A gently flowing Sand River is illuminated by the sunrise and its welcoming colours. HDRI allows the details of this river bed to be captured as well as the leading edge of the sun itself, not often achievable at all.

Experimenting more aggressively during the processing stages I tried this deep and heavy tonal merge, creating a very dramatic and over-the-top result which emphasises each colour in the scene. Although it may be further from what the eye saw in that scene, there is no denying the impressive ability of the HDRI technique.

A more subtle process of the same scene, with a balanced exposure and an intended deep field of focus.

With a bright and colourful thunderstorm buildup in the background, this Mhangeni breakaway lioness stops to turn and look, giving me just enough time to capture the required three bracketed shots in order to later process this beautiful HDR image. A very pleasing result for me!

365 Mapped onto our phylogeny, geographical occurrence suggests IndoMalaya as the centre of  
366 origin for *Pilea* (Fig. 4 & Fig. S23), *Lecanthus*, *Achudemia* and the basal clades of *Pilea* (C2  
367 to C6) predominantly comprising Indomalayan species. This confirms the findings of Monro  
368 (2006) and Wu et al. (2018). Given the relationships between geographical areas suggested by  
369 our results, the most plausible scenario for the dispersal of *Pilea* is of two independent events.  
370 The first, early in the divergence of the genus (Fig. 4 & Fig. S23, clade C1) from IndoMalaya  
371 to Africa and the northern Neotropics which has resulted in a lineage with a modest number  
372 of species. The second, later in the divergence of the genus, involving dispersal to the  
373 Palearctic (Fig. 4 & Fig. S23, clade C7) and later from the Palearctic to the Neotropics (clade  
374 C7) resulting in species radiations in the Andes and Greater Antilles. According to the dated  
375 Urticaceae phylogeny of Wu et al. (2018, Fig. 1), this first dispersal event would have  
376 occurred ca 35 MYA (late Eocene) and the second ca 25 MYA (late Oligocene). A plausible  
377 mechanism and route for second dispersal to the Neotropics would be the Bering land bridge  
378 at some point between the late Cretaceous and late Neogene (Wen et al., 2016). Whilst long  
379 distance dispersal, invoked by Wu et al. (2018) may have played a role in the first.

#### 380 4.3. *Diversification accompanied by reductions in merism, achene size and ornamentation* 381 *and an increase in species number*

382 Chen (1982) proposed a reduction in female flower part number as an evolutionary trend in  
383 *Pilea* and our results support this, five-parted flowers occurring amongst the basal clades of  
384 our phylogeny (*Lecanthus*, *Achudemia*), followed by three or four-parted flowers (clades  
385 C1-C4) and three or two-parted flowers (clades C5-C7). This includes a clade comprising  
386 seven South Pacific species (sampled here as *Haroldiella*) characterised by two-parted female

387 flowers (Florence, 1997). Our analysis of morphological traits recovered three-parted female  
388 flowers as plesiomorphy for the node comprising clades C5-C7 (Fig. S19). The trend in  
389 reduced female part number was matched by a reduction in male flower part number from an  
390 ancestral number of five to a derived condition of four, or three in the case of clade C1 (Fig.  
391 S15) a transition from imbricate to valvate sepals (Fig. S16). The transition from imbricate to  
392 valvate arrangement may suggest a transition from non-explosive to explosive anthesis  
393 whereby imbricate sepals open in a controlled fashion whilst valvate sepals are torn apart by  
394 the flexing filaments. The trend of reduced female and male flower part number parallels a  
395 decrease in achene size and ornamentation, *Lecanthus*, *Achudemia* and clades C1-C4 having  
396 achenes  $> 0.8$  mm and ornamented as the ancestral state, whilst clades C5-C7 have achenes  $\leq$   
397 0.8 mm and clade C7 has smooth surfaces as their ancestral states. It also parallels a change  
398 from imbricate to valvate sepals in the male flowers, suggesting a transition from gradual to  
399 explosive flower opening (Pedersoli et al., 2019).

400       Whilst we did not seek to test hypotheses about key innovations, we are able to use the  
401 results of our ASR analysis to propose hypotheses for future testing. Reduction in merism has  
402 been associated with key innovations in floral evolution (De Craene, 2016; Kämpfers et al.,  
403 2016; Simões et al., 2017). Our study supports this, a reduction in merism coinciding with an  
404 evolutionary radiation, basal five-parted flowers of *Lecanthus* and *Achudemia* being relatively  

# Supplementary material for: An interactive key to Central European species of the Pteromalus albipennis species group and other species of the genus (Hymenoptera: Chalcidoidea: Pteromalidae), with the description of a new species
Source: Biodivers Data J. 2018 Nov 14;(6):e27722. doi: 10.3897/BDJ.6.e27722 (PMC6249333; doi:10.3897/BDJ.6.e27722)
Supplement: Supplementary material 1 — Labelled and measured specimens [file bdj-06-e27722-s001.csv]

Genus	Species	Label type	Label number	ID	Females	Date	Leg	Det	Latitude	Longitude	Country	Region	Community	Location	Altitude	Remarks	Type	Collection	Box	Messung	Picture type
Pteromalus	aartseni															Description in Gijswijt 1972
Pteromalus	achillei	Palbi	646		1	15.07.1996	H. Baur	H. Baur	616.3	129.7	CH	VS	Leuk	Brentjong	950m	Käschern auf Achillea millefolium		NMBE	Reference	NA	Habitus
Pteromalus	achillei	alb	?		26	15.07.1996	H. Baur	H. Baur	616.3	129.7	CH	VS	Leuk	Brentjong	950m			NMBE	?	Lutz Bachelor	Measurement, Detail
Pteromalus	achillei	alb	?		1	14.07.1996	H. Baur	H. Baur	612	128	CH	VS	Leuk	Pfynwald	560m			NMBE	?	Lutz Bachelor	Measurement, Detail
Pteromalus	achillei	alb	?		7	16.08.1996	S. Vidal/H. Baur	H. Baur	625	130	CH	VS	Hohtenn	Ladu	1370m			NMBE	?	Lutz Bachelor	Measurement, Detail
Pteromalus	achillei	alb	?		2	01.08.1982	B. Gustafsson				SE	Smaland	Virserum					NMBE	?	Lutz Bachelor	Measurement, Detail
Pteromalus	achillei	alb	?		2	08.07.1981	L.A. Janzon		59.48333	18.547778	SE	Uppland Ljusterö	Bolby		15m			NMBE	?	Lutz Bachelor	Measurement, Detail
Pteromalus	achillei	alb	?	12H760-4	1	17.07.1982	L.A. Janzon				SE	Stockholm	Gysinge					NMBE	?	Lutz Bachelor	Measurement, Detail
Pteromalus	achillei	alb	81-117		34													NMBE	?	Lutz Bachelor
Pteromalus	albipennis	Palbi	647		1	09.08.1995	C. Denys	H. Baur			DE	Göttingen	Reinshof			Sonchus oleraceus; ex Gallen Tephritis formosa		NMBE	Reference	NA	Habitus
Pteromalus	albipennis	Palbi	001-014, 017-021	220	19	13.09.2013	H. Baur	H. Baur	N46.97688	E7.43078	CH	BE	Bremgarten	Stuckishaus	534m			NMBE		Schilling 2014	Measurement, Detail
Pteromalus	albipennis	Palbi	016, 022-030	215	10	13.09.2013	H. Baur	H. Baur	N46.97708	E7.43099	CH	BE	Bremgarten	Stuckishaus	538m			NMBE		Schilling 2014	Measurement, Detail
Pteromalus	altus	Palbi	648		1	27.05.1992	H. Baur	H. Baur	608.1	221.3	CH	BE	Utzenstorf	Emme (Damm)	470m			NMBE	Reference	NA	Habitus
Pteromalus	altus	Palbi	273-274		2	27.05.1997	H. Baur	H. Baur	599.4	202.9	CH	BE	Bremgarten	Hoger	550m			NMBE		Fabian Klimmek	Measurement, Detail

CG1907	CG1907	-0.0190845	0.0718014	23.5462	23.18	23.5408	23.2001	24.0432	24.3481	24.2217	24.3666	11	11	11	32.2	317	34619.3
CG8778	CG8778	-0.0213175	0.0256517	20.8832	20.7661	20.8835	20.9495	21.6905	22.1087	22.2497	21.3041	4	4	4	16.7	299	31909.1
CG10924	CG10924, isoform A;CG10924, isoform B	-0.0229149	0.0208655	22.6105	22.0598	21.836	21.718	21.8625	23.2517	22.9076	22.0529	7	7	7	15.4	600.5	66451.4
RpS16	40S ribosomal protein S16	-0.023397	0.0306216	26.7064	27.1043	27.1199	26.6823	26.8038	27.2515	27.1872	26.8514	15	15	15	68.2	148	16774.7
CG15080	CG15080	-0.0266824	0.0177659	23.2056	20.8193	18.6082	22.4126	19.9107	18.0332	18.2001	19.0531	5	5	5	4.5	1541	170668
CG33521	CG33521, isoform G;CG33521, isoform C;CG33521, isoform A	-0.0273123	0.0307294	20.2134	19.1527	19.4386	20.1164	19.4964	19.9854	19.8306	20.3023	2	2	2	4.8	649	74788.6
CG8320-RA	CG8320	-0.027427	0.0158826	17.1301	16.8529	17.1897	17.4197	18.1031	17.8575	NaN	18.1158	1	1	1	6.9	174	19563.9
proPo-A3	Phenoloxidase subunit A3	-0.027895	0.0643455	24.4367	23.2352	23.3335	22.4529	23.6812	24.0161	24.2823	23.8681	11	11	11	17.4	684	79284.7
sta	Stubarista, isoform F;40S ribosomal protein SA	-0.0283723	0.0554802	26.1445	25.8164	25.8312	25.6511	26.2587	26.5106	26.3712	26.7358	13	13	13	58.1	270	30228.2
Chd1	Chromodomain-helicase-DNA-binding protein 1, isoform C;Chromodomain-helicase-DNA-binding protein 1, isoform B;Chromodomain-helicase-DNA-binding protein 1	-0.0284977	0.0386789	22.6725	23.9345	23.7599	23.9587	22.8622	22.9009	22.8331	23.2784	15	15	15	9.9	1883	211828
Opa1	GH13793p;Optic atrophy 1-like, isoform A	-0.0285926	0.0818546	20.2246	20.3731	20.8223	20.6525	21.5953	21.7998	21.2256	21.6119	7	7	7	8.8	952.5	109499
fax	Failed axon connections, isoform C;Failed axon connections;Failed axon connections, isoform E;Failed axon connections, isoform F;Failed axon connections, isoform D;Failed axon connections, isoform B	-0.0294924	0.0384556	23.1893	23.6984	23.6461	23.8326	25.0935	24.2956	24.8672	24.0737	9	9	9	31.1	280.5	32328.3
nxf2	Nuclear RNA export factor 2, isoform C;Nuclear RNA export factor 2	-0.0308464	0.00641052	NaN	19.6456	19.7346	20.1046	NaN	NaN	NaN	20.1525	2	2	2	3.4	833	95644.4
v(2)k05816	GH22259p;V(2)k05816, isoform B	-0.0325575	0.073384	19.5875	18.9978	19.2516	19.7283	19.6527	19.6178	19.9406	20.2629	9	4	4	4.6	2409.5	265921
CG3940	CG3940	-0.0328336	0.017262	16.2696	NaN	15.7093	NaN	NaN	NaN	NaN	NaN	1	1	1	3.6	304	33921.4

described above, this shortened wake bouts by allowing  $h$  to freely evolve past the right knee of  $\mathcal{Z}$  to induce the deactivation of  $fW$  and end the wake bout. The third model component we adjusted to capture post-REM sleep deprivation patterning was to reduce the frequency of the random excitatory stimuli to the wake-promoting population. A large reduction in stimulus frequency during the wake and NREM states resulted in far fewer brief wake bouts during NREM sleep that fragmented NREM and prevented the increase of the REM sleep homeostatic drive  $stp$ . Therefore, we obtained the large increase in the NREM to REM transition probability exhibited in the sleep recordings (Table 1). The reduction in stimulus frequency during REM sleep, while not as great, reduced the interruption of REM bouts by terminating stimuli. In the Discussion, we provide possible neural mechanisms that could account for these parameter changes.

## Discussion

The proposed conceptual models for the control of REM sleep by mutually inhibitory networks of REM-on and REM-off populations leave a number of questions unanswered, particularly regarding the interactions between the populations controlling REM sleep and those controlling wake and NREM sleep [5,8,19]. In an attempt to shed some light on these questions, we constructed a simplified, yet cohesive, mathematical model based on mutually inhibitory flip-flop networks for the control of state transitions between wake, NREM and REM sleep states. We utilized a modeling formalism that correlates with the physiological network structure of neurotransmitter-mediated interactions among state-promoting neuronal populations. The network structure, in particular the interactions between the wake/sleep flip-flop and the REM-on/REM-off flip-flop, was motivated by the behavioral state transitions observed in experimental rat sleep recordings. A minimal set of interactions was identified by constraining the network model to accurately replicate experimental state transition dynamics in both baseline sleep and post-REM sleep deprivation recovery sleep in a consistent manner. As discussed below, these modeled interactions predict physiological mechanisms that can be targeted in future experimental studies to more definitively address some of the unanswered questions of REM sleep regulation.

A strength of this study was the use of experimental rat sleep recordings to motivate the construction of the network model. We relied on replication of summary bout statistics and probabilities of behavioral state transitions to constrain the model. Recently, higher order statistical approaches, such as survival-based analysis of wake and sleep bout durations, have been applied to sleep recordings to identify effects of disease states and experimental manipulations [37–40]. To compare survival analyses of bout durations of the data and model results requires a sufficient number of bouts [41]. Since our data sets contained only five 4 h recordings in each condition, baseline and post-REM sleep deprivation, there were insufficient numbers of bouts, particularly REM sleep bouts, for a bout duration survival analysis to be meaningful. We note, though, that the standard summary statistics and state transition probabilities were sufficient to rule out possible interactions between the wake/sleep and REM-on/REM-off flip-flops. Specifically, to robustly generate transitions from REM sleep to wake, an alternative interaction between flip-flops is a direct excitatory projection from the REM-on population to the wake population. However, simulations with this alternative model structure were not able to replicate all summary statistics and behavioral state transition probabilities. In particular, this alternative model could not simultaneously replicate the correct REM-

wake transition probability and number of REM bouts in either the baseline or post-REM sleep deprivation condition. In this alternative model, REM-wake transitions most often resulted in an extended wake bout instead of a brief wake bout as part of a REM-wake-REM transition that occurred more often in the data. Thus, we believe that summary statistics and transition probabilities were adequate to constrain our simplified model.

This, I feel, is one of my closest depictions of what the eye saw in that moment: A rich merging of blues, through reds, to greens all with sufficient detail and contrast. A very subtle yet effective HDR image.

What do you think about this far-reaching technique? Should it be reserved for cityscapes and urban photography only or does it have a potential place in wildlife photography too?

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About the Author

Sean Cresswell

Safari Guide

Sean is one of the humblest rangers you are likely to meet. Quietly going about his day, enriching the lives of the many guests he takes out into the bush, it is only when he posts a Week in Pictures or writes an ...

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4 Comments

on Photographic Journal: What and Why HDRI?

Join the conversationJoin the conversation

Darlene Knott
Guest

Very interesting subject! And, yes I do believe it applies to wildlife too. I know about exposure bracketing, but have been reluctant to try it. Next time I will. Thanks for sharing.

karina
Guest

very interesting article! I was not too convinced of HDRI up to now, but now will definitely try it out on my next trip.

Gillian Evans
Guest

Thanks for the in-depth review on HDR Sean. Love your final set of photographs! Always something new to learn in photography!

Sibu
Guest

I like bracketing because it gives me options to decide on the best picture i should save. Thanks for a nice article.